It also was everything. It was a box of mysteries for every curiosity; a playhouse of pleasures for every intrigue; an apothecary of remedies for every ailment and a panacea for every imagined ill. And it was always ready, tuned to the exact wavelength of your liking. In the words of Marx—this time of Karl and not of Groucho—from each, the TV asked only for your time, but to each, it promised you innumerable wonders. It gave you, the dutiful viewer, everything you wanted and more. So long as you could suffer a few intermittent interruptions (though even the commercials were to become in time tolerable and eventually desired) the pleasures of the couch, the screen, and of the passivity existing between them would be yours for the keeping. For decades, the television wielded over Americans an intoxicating aura. More addictive and accessible than most any other medium of escape, since its dissemination in the 1960s into nearly every home, Americans have spent endless, idle hours besotted by the screen.


But it looks as if the golden age of the television has passed. Its day, for all intents and purposes, is done. Every indication is that the influence of the once all-power bunny ears has been folding and waning—and waning fast.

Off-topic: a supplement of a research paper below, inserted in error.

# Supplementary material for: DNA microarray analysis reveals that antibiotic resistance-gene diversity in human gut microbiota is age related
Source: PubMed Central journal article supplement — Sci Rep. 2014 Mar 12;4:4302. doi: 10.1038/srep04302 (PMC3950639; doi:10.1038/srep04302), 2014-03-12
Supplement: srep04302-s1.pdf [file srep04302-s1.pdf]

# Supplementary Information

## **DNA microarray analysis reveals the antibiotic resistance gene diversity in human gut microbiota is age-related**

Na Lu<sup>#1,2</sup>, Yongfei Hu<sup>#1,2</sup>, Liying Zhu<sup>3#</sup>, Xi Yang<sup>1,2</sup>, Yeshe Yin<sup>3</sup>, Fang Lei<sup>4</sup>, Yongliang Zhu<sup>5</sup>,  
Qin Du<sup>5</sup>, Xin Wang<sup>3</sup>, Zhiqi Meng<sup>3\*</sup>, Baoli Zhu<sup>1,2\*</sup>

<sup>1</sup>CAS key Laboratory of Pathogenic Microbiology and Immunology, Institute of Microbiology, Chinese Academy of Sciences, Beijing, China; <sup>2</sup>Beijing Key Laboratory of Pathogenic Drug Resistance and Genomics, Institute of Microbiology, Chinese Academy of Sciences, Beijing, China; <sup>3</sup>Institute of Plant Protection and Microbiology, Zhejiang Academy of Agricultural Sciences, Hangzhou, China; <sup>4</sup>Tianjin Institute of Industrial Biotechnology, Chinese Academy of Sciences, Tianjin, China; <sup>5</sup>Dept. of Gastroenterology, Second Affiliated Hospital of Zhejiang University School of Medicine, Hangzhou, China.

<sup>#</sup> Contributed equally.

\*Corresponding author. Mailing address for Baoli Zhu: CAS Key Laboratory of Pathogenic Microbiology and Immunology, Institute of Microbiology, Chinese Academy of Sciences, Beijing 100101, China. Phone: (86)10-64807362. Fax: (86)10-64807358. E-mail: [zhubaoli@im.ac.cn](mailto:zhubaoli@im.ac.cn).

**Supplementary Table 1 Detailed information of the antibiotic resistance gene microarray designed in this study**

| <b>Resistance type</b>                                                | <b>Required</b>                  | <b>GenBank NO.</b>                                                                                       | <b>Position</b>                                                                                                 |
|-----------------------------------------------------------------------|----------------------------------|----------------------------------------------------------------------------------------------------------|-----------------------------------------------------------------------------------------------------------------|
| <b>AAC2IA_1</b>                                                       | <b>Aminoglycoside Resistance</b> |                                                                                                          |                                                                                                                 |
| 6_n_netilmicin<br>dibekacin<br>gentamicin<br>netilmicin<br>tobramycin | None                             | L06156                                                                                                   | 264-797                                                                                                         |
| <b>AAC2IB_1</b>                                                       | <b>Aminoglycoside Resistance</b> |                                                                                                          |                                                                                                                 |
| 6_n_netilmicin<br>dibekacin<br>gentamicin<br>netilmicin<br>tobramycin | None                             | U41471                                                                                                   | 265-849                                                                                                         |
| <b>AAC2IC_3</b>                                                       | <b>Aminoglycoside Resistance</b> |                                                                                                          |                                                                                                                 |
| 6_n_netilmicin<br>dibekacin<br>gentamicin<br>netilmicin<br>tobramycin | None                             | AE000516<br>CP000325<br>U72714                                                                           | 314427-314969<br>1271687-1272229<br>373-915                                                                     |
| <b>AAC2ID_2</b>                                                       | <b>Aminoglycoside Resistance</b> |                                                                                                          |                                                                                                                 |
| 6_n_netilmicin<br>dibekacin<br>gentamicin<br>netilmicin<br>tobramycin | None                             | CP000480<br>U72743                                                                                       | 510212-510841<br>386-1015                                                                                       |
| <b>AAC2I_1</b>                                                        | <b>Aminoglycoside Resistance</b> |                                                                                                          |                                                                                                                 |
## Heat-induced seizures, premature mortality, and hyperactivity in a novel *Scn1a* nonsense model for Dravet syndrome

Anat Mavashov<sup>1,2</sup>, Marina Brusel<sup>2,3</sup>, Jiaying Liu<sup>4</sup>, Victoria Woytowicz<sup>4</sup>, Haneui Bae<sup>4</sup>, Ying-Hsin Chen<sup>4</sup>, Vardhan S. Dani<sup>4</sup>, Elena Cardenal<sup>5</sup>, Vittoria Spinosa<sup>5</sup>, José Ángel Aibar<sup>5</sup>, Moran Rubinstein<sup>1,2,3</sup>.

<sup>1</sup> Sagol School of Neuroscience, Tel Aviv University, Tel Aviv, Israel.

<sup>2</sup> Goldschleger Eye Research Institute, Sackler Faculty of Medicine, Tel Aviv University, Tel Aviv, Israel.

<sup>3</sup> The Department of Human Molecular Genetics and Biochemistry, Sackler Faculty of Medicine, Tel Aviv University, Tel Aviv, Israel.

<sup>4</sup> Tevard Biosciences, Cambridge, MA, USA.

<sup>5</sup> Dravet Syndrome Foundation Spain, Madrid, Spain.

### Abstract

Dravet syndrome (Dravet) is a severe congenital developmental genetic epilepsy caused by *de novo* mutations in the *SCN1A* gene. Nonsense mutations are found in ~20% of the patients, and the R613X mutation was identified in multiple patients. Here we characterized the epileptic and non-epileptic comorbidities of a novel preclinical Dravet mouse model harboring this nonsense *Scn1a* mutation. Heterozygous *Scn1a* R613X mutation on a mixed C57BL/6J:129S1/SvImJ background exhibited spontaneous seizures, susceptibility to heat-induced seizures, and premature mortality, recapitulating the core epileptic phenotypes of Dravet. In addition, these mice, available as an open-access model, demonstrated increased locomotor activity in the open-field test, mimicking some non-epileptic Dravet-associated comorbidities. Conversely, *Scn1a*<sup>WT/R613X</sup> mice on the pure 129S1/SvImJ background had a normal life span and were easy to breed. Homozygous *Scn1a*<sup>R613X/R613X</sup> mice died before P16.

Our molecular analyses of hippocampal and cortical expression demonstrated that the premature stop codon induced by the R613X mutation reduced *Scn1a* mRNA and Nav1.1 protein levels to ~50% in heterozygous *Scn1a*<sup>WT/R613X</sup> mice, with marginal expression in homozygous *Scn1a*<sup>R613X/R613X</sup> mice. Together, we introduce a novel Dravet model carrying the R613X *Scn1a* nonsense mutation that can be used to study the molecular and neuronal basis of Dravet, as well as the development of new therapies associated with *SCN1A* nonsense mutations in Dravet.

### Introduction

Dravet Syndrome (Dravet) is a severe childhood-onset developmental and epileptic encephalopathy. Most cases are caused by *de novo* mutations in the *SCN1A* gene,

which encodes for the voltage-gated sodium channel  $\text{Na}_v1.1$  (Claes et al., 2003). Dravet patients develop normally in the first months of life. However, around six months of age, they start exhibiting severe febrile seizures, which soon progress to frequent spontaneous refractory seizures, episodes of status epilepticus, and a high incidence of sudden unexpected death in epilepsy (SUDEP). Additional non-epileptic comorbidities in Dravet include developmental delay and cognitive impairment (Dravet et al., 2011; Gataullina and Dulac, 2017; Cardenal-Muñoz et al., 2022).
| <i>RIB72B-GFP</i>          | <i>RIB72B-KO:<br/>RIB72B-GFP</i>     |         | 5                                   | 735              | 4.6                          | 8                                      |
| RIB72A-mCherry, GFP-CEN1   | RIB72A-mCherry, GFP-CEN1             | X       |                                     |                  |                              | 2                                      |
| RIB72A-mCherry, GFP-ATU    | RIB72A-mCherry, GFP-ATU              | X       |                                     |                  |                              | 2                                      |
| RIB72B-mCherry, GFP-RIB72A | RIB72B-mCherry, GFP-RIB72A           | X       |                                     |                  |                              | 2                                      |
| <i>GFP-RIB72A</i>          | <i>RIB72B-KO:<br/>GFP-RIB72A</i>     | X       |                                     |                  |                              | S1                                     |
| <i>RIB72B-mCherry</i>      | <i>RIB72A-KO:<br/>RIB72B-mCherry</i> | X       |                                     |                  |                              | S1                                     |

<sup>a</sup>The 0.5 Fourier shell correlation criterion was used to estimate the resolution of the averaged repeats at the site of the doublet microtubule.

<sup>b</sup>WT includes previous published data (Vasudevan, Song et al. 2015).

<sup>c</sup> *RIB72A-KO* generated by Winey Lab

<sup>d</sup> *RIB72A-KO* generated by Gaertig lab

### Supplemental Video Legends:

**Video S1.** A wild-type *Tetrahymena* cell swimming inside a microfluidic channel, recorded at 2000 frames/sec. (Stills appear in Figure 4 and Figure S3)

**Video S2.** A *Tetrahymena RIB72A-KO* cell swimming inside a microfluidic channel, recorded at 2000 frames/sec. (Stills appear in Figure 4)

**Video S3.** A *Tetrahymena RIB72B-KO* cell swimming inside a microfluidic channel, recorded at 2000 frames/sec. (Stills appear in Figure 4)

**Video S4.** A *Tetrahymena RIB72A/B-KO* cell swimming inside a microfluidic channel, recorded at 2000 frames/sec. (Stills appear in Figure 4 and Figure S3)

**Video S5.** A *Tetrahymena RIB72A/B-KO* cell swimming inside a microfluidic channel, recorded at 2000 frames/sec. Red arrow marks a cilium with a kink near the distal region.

Based on the Nielsen Total Audience Report, a survey that measures exactly what it is people around the world “watch, listen to, and buy”, television ratings have fallen precipitously in recent years. On the whole, between 2014 and 2017, television viewership has fallen by just over 10%. Breaking this number down further still, it’s clear to see why the traditional “brick and mortar” television companies are beginning to sweat and to feel a bit anxious.


For said companies, the demographics and their future market dominance of our attention augur ill. For millennials aged 25 to 34, traditional television viewership has decreased by 24.7%. As for those aged 18 to 24, there’s been a 33.1% decrease. That accounts only for the Millennials. Jumping into Generation Z, or those born after 2000 and aged 12 to 17, the decrease in viewership is greater still. It stands for them at 37.9%. Children between the ages of 2 and 11 (the youngest, statistically relevant demographic of this subset of the nascent Generation Z) are reported to be watching slightly more television than the other groups. This, however, is scant consolation for the television companies. Those counted in these infantile and pre-pubescent years are watching only 22.2% less than the norm. Add to that the fact that their decision to watch or forgo television (or any other medium for that matter) is largely not of their own, but one made by their parents, and the future of television looks bleaker still. The youngest youngsters in this group probably have little say when it comes to the means by which they receive their entertainment; for a moment’s repose, mom and dad will distract the kid with whatever glowing device is closest at hand. When these children do come of age, they’re likely to follow in the custom of their immediate teenage elders, who are running away from traditional television like an antiquated plague.